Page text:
Derek Parker Royal, executive director of the journal Philip Roth Studies, and Jacques Berlinerblau, director of the Program for Jewish Civilization, praised American Jewish novelist Philip Roth’s lifetime of literary work at an event March 13 that celebrated the writer’s 80th birthday March 19.

The PJC and the English department made the event a true birthday party, with a cake and a rendition of “Happy Birthday” by the Georgetown Chimes. Roth, who splits his time between New York and Connecticut, was not in attendance.

Royal and Berlinerblau focused their discussion on trying to understand who Roth is as a person. Scholars are often challenged to fully understand Roth because the author is very private.

“There is like an electrified fence perimeter and a moat with crocodiles around the castle ‘Philip Roth,’”Berlinerblau said. “If one wants to get there and figure out who he is, it’s extraordinarily difficult.”

Roth is known for incorporating his life into his books and for using alter egos in his writing, such as the character Nathan Zuckerman and even a character named Philip Roth. Royal cautioned against taking these characters to be autobiographical and reminded the audience that they are fictional.

“I think if we rely on his fiction as a way into him as a man, him as a writer in his life, it’s impossible because, as any writer does, they take the seeds of the lived experience and their lives go into their writing,” he said. “It’s not just imagining — it’s experience as well.”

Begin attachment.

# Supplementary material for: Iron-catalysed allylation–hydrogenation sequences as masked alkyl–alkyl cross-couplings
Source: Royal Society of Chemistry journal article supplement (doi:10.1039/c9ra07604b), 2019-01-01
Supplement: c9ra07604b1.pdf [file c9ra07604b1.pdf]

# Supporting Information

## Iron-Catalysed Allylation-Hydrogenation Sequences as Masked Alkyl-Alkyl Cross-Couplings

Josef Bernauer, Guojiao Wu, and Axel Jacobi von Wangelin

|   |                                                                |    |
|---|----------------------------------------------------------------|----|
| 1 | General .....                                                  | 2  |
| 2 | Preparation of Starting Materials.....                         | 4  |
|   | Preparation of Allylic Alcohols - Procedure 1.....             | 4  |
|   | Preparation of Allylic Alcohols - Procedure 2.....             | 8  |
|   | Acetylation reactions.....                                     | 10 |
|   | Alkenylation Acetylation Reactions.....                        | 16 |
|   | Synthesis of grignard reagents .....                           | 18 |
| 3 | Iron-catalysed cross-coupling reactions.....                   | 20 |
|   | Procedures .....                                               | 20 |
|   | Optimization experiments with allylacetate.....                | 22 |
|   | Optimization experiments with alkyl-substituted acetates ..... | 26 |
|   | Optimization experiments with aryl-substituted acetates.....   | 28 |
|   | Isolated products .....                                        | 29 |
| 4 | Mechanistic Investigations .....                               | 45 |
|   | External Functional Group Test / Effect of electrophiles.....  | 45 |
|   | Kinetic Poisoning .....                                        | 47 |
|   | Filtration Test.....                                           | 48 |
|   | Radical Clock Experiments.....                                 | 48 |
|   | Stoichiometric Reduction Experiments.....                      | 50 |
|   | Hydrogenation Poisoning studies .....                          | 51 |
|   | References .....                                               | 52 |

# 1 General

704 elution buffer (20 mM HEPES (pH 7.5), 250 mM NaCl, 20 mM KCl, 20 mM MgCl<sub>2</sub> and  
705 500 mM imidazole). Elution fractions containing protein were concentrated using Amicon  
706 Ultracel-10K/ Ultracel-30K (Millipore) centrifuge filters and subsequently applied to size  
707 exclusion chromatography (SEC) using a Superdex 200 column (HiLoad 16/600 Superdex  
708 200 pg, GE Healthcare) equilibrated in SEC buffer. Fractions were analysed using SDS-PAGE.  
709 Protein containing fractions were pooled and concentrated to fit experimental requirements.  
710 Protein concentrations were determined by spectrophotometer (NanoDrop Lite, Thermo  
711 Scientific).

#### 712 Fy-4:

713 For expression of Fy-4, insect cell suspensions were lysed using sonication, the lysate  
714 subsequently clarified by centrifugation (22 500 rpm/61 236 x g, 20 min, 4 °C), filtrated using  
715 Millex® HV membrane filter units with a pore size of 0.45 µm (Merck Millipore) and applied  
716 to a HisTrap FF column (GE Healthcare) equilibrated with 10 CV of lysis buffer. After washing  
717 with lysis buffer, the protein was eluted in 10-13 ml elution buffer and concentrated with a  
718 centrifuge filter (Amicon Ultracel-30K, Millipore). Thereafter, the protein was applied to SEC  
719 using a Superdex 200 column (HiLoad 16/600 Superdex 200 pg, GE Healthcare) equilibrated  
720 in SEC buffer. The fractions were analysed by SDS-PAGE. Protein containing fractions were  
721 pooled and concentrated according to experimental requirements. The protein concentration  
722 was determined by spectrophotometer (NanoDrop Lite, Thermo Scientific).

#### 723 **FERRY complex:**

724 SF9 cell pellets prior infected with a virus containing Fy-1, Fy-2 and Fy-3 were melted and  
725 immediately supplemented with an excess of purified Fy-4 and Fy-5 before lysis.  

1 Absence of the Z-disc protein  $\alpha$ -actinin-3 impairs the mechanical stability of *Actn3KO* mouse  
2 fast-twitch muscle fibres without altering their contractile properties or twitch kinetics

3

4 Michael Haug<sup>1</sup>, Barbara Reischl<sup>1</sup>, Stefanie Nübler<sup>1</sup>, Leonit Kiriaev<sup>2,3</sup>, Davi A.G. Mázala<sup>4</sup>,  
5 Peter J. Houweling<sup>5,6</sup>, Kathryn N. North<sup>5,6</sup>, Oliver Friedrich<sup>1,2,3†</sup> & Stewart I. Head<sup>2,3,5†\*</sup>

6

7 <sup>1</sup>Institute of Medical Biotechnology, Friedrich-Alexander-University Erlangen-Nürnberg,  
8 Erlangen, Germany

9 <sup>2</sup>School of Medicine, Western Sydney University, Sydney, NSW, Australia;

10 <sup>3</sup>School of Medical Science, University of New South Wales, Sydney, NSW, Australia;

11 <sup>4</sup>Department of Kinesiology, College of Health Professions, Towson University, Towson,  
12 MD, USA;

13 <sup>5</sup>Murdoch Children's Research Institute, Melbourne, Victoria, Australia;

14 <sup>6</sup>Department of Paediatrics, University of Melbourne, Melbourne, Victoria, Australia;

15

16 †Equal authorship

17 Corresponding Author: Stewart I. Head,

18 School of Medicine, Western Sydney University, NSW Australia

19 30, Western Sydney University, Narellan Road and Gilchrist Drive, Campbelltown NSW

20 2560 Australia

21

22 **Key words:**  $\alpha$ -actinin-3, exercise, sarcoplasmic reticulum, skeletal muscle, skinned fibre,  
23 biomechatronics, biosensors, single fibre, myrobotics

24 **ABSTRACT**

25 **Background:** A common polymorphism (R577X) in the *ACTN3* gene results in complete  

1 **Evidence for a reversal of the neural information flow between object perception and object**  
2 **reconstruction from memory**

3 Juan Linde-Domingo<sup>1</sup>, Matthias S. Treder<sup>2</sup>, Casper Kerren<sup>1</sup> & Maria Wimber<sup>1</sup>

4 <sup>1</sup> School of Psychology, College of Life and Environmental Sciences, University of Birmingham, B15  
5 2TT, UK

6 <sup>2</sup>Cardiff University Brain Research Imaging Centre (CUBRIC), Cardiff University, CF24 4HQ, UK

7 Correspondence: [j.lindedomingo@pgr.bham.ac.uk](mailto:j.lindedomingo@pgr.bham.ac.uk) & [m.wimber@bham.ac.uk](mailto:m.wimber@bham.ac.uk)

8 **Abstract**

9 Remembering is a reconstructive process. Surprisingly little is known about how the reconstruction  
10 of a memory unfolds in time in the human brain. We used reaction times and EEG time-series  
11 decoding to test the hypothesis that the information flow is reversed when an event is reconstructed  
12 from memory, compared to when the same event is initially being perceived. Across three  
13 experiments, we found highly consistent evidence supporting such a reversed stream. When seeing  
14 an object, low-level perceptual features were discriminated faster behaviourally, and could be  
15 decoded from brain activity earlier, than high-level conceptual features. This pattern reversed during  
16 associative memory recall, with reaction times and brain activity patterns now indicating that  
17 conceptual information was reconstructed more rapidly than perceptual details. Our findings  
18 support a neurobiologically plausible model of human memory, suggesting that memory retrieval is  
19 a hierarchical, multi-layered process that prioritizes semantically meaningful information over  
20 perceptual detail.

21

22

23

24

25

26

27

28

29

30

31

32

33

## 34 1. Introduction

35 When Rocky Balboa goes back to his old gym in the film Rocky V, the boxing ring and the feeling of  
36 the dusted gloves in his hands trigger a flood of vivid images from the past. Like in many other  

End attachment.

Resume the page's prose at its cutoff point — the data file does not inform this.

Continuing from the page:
According to Royal, Roth has said not to look at his books autobiographically, even though his characters seem to resemble the author so closely.

“It’s like he begs us to look for his life in his fiction while at the same time saying, ‘Don’t do it,’” Royal said. “He’s playing a little bit of Jewish mischief, and I think that, Jewish or otherwise, he is a mischief-maker, and he does like to put on a variety of masks, a variety of veneers, facades and he likes to play around.”

Berlinerblau is currently working on a book about Roth’s fiction. He’s studied Roth’s drafts, which are housed in the Library of Congress.

“I admire many things about Philip Roth, many things, but it’s just the work ethic,” Berlinerblau said. “Is that is there any writer that is more committed to the craft? The five, the six, the seven hours every single day for what must be 50-something years.”

Zoe Lillian (COL ’13) took Berlinerblau’s class on Roth in fall 2011 and served as a teaching assistant the next semester.

“I thought it was wonderful,” she said. “It was really incredible having professor Parker Royal come, especially because I feel like every single person who has been in Jacques [Berlinerblau’s] class has cited him, so its really exciting to have him talking to us. And it was a really interesting conversation to have.”

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